Market Capitalization vs. Revenue: An Overview
There are many methods for estimating the worth of a company. Whether in economics, accounting, investing, or elsewhere in the finance sector, the accurate appraisal of a company's value can have a huge impact on important financial decisions. It is important to understand the difference between the various metrics of value.
Market capitalization and revenue are two of the simplest types of value estimation, but they're often frequently misunderstood.
Market capitalization is essentially the amount of money it would take to purchase an entire company based solely on its stock price. It is calculated by multiplying the total number of shares outstanding by the current price of a single share of stock. As the shares outstanding and the stock price fluctuate, so does the market cap.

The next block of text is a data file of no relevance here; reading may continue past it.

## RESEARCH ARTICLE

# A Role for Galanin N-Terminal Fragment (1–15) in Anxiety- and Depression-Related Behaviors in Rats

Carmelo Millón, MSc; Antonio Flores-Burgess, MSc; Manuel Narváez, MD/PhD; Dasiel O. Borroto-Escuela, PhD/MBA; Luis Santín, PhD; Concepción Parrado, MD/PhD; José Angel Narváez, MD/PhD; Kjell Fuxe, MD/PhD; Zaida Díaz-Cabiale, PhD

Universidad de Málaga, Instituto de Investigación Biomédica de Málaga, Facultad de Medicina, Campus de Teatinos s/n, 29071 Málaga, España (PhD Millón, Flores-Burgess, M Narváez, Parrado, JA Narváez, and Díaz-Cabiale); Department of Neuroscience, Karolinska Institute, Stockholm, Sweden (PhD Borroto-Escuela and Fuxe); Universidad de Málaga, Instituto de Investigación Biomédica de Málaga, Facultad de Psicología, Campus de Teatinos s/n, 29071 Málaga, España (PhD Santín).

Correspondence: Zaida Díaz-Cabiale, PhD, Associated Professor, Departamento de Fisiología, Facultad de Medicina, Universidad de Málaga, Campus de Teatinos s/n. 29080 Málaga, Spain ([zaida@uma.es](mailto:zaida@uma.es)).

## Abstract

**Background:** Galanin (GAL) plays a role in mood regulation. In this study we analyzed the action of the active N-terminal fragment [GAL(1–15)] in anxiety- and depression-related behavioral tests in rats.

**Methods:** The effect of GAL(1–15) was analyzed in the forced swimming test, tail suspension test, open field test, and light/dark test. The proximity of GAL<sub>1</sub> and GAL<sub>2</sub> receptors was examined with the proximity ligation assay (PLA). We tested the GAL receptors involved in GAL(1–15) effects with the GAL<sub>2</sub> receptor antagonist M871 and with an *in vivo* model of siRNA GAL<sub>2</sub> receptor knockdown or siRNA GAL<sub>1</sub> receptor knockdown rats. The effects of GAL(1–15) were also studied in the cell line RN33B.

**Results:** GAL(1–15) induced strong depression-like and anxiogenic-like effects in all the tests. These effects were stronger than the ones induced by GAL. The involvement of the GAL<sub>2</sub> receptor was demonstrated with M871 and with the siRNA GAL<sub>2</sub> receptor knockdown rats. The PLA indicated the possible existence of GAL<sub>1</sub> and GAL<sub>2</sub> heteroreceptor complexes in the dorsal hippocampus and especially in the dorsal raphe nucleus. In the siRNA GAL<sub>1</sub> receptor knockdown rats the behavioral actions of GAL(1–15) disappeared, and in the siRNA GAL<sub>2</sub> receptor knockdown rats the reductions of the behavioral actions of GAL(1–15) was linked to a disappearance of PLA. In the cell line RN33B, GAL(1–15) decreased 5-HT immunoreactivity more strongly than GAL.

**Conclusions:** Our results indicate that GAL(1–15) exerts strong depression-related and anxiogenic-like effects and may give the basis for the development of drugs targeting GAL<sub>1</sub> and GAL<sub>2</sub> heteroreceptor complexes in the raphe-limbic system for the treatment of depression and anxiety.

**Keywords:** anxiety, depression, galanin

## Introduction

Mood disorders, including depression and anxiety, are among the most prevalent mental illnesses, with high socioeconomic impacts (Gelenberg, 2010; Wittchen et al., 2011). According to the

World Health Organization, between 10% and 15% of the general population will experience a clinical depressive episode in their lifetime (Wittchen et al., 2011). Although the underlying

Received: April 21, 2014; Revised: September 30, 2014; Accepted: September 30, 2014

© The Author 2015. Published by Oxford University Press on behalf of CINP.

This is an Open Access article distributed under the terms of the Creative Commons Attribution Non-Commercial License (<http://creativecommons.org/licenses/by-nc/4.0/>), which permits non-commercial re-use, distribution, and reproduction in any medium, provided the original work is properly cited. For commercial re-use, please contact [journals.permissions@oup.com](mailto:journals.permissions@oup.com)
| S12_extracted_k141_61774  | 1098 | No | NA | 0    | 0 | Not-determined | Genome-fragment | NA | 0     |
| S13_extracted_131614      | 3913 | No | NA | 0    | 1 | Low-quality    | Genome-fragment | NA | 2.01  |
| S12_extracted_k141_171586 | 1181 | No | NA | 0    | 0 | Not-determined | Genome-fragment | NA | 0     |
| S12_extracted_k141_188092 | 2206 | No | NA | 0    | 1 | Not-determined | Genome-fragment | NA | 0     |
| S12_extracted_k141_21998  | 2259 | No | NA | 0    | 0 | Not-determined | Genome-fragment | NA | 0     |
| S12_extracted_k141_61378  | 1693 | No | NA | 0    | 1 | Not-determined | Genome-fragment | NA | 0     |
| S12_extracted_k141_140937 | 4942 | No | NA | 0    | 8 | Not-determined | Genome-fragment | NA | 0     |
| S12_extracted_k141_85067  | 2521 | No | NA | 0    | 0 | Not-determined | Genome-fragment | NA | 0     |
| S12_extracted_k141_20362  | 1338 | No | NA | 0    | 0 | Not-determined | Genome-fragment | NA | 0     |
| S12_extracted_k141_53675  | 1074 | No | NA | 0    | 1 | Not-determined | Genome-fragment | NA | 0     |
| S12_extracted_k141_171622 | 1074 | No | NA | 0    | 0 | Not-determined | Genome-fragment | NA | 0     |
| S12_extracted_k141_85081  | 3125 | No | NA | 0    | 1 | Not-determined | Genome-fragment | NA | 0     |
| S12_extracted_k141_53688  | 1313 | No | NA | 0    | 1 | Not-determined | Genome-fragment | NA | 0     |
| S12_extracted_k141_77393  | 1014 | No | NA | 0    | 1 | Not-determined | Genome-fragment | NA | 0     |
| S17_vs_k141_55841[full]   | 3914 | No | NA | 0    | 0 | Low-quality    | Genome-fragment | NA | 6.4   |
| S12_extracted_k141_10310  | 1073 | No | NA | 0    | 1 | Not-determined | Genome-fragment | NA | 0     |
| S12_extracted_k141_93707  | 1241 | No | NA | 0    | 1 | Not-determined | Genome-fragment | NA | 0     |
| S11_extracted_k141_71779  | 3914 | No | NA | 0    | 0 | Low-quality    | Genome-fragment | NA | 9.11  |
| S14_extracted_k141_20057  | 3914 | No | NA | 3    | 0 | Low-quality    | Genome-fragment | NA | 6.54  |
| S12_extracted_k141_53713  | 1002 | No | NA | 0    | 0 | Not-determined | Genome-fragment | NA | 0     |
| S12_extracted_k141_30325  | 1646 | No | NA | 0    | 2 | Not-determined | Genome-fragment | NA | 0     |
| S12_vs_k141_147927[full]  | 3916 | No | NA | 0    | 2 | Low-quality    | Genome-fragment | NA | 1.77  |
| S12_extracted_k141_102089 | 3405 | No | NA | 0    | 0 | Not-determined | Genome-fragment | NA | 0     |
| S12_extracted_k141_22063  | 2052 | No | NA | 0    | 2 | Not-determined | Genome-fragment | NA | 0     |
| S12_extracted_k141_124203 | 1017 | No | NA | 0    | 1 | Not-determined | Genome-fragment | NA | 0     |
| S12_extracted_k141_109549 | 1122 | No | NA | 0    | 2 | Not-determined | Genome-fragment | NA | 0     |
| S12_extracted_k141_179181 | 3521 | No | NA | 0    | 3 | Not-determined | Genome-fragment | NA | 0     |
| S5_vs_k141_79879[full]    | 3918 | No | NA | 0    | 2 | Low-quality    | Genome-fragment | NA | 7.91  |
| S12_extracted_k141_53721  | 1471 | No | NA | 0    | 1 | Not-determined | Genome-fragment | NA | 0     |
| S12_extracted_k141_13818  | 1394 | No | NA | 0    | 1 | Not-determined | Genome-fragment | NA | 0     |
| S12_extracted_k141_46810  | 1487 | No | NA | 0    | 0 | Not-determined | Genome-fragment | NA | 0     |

This is a very simplistic view of company value in terms of its value, as it does not take into account outstanding debt, long-term growth potential or the company's liquid assets. The stock price is a reflection of the price that the public believes shares in the company to be worth. Market cap can be a very useful metric, as it incorporates company reputation and public sentiment.
For example, if Company A was trading at $40 per share and had a million shares outstanding, the market capitalization would be $40 million ($40 x 1 million shares).
While revenue is just as simple, it has only one interpretation. Revenue is simply the amount of money flowing into a company as a result of the sale of goods and services.
Revenue is the top line of an income statement. It is the total sum of positive cash flow. All overhead, administrative and operational expenses are deducted from this amount to arrive at the net profit. However, sales tax is not included in revenue figures; it is collected by companies on behalf of the state and is not considered to be income.
Investors will often consider a company's revenue and net income separately to determine the health of a business.